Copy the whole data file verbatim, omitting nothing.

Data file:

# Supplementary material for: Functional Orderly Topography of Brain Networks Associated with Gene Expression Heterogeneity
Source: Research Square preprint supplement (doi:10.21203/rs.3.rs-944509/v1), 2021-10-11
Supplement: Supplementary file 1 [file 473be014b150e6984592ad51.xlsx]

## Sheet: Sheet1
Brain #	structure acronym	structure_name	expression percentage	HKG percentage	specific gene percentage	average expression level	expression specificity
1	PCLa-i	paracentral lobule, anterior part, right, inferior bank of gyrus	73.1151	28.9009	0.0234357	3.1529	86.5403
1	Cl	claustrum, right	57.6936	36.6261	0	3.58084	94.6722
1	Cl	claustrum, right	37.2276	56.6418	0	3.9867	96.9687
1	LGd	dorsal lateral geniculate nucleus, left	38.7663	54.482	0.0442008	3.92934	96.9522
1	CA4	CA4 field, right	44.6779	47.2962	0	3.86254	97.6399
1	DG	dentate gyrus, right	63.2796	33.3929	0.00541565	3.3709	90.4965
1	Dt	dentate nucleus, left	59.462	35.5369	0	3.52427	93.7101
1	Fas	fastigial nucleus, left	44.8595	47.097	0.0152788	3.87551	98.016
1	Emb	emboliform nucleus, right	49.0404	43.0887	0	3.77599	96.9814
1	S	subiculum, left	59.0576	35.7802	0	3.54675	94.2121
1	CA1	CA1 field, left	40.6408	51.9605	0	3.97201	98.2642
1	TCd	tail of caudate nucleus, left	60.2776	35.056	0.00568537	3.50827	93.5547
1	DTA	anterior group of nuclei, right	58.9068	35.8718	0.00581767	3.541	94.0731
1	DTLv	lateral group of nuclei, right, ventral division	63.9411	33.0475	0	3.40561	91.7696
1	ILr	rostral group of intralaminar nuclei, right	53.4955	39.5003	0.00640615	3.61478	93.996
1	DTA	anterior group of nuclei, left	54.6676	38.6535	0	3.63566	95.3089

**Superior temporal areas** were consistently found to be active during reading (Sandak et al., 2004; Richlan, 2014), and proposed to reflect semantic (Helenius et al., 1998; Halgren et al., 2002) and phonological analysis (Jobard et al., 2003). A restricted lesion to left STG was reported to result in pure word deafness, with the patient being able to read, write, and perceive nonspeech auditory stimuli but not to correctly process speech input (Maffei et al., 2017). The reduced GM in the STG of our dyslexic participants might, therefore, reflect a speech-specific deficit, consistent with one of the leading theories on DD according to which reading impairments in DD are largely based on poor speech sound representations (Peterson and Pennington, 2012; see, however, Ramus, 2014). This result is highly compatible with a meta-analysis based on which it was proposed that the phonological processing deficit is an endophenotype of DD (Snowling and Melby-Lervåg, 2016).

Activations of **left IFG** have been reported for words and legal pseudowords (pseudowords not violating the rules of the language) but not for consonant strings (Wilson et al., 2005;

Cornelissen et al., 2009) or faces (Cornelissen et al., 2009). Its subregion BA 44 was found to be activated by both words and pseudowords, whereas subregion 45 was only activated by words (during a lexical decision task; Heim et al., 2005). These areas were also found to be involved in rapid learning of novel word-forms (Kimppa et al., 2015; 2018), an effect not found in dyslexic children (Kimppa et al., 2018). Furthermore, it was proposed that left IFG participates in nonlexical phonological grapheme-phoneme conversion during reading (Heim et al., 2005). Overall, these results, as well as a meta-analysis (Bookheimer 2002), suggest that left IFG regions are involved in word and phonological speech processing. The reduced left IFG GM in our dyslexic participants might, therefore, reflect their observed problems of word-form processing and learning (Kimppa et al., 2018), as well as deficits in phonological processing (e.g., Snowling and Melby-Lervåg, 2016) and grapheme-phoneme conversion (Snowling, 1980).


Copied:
# Supplementary material for: Functional Orderly Topography of Brain Networks Associated with Gene Expression Heterogeneity
Source: Research Square preprint supplement (doi:10.21203/rs.3.rs-944509/v1), 2021-10-11
Supplement: Supplementary file 1 [file 473be014b150e6984592ad51.xlsx]

## Sheet: Sheet1
Brain #	structure acronym	structure_name	expression percentage	HKG percentage	specific gene percentage	average expression level	expression specificity
1	PCLa-i	paracentral lobule, anterior part, right, inferior bank of gyrus	73.1151	28.9009	0.0234357	3.1529	86.5403
1	Cl	claustrum, right	57.6936	36.6261	0	3.58084	94.6722
1	Cl	claustrum, right	37.2276	56.6418	0	3.9867	96.9687
1	LGd	dorsal lateral geniculate nucleus, left	38.7663	54.482	0.0442008	3.92934	96.9522
1	CA4	CA4 field, right	44.6779	47.2962	0	3.86254	97.6399
1	DG	dentate gyrus, right	63.2796	33.3929	0.00541565	3.3709	90.4965
1	Dt	dentate nucleus, left	59.462	35.5369	0	3.52427	93.7101
1	Fas	fastigial nucleus, left	44.8595	47.097	0.0152788	3.87551	98.016
1	Emb	emboliform nucleus, right	49.0404	43.0887	0	3.77599	96.9814
1	S	subiculum, left	59.0576	35.7802	0	3.54675	94.2121
1	CA1	CA1 field, left	40.6408	51.9605	0	3.97201	98.2642
1	TCd	tail of caudate nucleus, left	60.2776	35.056	0.00568537	3.50827	93.5547
1	DTA	anterior group of nuclei, right	58.9068	35.8718	0.00581767	3.541	94.0731
1	DTLv	lateral group of nuclei, right, ventral division	63.9411	33.0475	0	3.40561	91.7696
1	ILr	rostral group of intralaminar nuclei, right	53.4955	39.5003	0.00640615	3.61478	93.996
1	DTA	anterior group of nuclei, left	54.6676	38.6535	0	3.63566	95.3089

**Superior temporal areas** were consistently found to be active during reading (Sandak et al., 2004; Richlan, 2014), and proposed to reflect semantic (Helenius et al., 1998; Halgren et al., 2002) and phonological analysis (Jobard et al., 2003). A restricted lesion to left STG was reported to result in pure word deafness, with the patient being able to read, write, and perceive nonspeech auditory stimuli but not to correctly process speech input (Maffei et al., 2017). The reduced GM in the STG of our dyslexic participants might, therefore, reflect a speech-specific deficit, consistent with one of the leading theories on DD according to which reading impairments in DD are largely based on poor speech sound representations (Peterson and Pennington, 2012; see, however, Ramus, 2014). This result is highly compatible with a meta-analysis based on which it was proposed that the phonological processing deficit is an endophenotype of DD (Snowling and Melby-Lervåg, 2016).

Activations of **left IFG** have been reported for words and legal pseudowords (pseudowords not violating the rules of the language) but not for consonant strings (Wilson et al., 2005;

Cornelissen et al., 2009) or faces (Cornelissen et al., 2009). Its subregion BA 44 was found to be activated by both words and pseudowords, whereas subregion 45 was only activated by words (during a lexical decision task; Heim et al., 2005). These areas were also found to be involved in rapid learning of novel word-forms (Kimppa et al., 2015; 2018), an effect not found in dyslexic children (Kimppa et al., 2018). Furthermore, it was proposed that left IFG participates in nonlexical phonological grapheme-phoneme conversion during reading (Heim et al., 2005). Overall, these results, as well as a meta-analysis (Bookheimer 2002), suggest that left IFG regions are involved in word and phonological speech processing. The reduced left IFG GM in our dyslexic participants might, therefore, reflect their observed problems of word-form processing and learning (Kimppa et al., 2018), as well as deficits in phonological processing (e.g., Snowling and Melby-Lervåg, 2016) and grapheme-phoneme conversion (Snowling, 1980).